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Commentary
5 (
Suppl 1
); S87-S88

Commentary

Department of Pharmacology and Therapeutics, College of Medicine and Health Sciences, United Arab Emirates University, AlAin, UAE
Address for correspondence: Dr. Syed M. Nurulain, CMHS, UAE University, PO Box 17666, AlAin, UAE. E-mail: nurulain@uaeu.ac.ae

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This is an open-access article distributed under the terms of the Creative Commons Attribution-Noncommercial-Share Alike 3.0 Unported, which permits unrestricted use, distribution, and reproduction in any medium, provided the original work is properly cited.

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This article was originally published by Medknow Publications & Media Pvt Ltd and was migrated to Scientific Scholar after the change of Publisher.

In the article, entitled “Mania following organophosphate poisoning”[1] the authors reported occurrence of a neuropsychiatric condition, mania in a 33-years old female followed by acute organophosphorus compound (OPC), chlorpyrifos (CPF) poisoning. A similar case report was presented by Bradwell 1964[2] in a farm exposure with demeton-S-methyl, an OPC. It was the first reported case of organic bipolar affective disorder following chronic OP poisoning. Bipolar disorder causes extreme mood swings from very high energy (mania) to depression. Neuropsychiatric and other neuronal disorders by OPC poisoning have been reported mainly in chronic exposures. There are different groups of OPCs and not necessarily all the OPCs show similar effect as CPF. CPF is moderately toxic OPC; however, chronic exposure in humans is linked to developmental and autoimmune disorders with neurological effects. Exposure during pregnancy retards the mental development of children. CPF use in homes has been banned since 2001 in the United States. However, the compound is still widely applied as agrochemicals throughout the world. Different groups and organizations in the USA are trying to completely ban the usage of this compound.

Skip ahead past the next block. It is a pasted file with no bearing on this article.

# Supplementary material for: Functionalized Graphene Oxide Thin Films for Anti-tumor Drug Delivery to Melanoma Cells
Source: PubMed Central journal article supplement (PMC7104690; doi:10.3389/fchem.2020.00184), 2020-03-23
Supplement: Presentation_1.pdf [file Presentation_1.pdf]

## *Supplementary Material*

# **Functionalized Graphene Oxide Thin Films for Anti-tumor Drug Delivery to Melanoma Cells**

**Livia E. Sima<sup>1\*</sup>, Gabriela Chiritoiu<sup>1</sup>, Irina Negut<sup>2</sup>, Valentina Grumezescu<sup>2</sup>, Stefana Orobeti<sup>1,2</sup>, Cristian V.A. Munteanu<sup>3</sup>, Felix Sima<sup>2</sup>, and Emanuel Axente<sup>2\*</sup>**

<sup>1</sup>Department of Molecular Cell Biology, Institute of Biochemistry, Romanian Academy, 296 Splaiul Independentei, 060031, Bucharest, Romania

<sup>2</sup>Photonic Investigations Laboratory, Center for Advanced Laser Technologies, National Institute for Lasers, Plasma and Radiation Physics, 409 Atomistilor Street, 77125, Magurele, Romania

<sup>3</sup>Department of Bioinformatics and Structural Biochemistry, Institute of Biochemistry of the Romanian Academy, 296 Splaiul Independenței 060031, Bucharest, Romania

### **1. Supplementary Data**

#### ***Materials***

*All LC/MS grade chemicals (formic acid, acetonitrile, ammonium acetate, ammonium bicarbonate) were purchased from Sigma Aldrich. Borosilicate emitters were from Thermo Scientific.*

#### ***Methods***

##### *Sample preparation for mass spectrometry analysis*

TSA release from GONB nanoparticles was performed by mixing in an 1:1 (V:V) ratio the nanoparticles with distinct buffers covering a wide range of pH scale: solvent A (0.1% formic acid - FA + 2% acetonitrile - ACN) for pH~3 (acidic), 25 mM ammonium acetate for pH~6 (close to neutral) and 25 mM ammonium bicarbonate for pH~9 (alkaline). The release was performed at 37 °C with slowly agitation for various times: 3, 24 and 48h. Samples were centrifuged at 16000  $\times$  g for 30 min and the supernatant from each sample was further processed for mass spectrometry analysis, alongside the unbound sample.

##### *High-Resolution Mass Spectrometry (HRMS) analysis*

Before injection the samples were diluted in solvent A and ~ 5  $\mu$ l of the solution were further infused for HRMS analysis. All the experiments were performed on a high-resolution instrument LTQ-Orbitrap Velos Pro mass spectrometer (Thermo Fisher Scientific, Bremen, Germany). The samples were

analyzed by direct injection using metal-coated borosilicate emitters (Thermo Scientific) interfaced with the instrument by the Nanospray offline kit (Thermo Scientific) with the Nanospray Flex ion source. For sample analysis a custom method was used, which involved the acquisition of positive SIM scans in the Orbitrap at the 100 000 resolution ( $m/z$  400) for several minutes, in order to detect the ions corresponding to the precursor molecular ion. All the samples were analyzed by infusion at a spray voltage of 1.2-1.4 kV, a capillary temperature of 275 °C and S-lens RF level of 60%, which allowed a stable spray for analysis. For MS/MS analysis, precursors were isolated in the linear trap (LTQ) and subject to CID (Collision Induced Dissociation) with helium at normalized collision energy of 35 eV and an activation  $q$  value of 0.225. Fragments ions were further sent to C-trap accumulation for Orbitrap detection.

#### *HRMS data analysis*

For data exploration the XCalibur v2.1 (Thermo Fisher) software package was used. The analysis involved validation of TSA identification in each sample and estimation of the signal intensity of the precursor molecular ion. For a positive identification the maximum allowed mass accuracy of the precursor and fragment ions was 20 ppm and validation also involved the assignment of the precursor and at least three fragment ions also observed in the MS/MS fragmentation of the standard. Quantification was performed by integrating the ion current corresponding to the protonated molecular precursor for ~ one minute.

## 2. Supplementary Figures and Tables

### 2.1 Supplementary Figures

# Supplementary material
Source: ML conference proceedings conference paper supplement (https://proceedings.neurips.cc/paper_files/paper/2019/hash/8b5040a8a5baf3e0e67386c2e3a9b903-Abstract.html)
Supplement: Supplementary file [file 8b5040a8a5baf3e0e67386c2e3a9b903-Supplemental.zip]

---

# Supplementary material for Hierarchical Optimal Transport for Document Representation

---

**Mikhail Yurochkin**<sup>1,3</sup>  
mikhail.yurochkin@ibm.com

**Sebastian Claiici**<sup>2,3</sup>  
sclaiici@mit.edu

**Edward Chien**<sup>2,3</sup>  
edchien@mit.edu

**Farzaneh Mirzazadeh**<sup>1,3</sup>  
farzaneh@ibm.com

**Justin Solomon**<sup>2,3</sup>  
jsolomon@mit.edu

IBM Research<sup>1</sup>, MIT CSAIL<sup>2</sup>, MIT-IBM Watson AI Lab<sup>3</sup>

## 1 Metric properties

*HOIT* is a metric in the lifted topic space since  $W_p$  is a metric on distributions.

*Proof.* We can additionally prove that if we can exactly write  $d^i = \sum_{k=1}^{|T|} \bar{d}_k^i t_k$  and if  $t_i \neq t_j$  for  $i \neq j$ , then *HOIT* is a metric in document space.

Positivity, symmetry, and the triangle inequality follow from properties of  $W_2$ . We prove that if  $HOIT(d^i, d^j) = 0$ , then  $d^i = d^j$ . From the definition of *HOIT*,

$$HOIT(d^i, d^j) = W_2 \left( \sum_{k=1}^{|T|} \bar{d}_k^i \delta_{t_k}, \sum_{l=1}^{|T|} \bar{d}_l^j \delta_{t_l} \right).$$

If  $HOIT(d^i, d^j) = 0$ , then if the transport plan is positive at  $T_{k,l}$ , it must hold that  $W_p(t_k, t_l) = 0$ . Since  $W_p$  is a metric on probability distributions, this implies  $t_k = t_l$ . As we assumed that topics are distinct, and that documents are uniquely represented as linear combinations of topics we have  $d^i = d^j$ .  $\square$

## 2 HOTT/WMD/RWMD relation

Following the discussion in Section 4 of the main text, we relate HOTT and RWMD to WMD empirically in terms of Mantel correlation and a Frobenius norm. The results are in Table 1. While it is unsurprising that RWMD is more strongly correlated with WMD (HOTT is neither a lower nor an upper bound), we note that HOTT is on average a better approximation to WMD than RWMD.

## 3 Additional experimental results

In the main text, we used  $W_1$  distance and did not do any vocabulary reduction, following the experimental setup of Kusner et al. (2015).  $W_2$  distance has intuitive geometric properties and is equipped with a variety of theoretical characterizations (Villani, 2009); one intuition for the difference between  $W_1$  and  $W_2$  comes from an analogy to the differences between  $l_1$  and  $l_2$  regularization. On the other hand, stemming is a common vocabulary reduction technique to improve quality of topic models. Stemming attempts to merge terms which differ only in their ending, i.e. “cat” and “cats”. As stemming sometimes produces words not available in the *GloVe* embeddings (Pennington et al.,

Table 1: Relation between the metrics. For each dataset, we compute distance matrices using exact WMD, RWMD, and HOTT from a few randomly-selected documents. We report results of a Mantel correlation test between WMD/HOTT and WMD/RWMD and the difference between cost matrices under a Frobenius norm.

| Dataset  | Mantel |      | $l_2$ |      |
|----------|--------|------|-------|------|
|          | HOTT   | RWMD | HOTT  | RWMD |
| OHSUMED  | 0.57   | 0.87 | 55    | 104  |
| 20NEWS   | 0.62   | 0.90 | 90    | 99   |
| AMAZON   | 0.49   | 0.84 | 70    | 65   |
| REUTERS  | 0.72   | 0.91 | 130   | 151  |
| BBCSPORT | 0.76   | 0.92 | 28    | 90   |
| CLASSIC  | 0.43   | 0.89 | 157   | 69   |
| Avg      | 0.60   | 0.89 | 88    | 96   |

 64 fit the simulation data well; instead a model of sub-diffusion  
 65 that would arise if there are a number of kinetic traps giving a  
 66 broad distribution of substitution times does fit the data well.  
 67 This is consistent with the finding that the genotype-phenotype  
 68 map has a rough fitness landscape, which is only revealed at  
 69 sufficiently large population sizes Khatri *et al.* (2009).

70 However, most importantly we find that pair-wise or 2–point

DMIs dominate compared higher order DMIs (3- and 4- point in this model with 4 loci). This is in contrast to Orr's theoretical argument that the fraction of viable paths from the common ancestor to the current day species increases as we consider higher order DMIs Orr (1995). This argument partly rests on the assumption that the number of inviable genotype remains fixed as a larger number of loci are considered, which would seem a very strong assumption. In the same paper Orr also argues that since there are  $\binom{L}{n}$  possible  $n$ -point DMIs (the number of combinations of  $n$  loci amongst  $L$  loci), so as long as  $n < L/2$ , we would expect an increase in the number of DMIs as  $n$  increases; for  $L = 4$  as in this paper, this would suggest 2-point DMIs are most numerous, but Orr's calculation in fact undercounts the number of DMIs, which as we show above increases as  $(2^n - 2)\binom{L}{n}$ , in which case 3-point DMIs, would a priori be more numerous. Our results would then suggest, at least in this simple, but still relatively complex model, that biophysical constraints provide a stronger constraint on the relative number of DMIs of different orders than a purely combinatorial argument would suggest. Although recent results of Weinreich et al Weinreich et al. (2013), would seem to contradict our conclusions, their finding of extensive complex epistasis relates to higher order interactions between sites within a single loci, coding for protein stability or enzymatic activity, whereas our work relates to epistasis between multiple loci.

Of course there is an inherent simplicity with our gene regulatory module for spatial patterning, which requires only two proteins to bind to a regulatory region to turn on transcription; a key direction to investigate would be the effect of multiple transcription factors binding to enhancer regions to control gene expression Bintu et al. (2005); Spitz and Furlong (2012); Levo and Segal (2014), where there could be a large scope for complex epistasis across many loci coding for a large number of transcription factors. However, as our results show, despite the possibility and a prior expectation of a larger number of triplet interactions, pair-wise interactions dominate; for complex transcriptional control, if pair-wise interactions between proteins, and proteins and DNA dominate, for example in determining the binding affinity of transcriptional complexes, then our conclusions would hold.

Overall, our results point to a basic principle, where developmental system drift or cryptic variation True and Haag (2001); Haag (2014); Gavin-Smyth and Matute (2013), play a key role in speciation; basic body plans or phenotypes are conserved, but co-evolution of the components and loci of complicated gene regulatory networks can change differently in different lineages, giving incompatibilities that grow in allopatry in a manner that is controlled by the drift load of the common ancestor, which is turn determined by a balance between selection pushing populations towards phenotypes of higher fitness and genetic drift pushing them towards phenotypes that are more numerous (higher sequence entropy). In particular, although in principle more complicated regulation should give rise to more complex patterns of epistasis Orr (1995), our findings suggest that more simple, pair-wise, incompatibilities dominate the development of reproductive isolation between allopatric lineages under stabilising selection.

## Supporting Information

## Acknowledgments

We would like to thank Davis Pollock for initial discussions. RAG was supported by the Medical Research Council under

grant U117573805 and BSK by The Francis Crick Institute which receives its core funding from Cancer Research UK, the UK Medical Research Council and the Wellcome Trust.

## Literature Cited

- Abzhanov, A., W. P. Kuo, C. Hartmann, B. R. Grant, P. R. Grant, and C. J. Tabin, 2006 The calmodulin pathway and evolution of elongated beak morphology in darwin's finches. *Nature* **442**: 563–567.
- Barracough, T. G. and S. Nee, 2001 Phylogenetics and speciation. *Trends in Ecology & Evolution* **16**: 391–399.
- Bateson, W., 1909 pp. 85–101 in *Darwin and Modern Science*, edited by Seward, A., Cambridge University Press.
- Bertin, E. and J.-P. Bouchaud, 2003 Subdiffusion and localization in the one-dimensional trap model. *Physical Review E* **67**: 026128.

Evidences regarding non-cholinergic effect of OPC, particularly with neurological disorders have been demonstrated in the literature.[34] Cognitive disorders were found associated with acute and chronic exposures, and psychiatric disorders mostly with poisonings.[5] Bayrami et al.[6] concluded that oxidative stress and inhibition of acetylcholinesterase can be seen in chronically OPC exposed people but incidence of neuropsychological disorders seems a complex multivariate phenomenon that might be seen in long-term high-dose exposure situations. Wani et al.[7] reported that dichlorvos, another OPC can induce oxidative stress leading to the caspase-dependent nigrostriatal dopaminergic neuronal cell death. The OPC-induced neurological disorders include multiple sclerosis, motor disability, Alzheimer, Parkinson, depression, schizophrenia, mood disorders and bipolar disorders etc., They all are reported to be due to increased levels of pro-inflammatory cytokines.[8]

Now, it has been established that OPC is not merely act as anticholinesterases rather exhibit multitoxic effect. Their inhibitory effect interacts concurrently with adrenergic, dopaminergic and cholinergic sites. The acetylcholine released during the acute toxicity may lead to augmented discharge of biogenic amines like histamines, serotonin and catecholamines. An excess of biogenic amines is dangerous if unchecked. Fatehyab et al.[9] showed significant alterations in the levels of dopamine, noradrenaline and serotonin in rat brains after administration of dichlorvos. Thus, link between OPC effects in the brain and subsequent changes in neurotransmitter mechanisms is known to be important in the control of mood and behavior.

In short, it can be concluded that the use of OPC and long-term brain damage, could have global significance, particularly in many developing countries where adequate protective measures are lacking.

References

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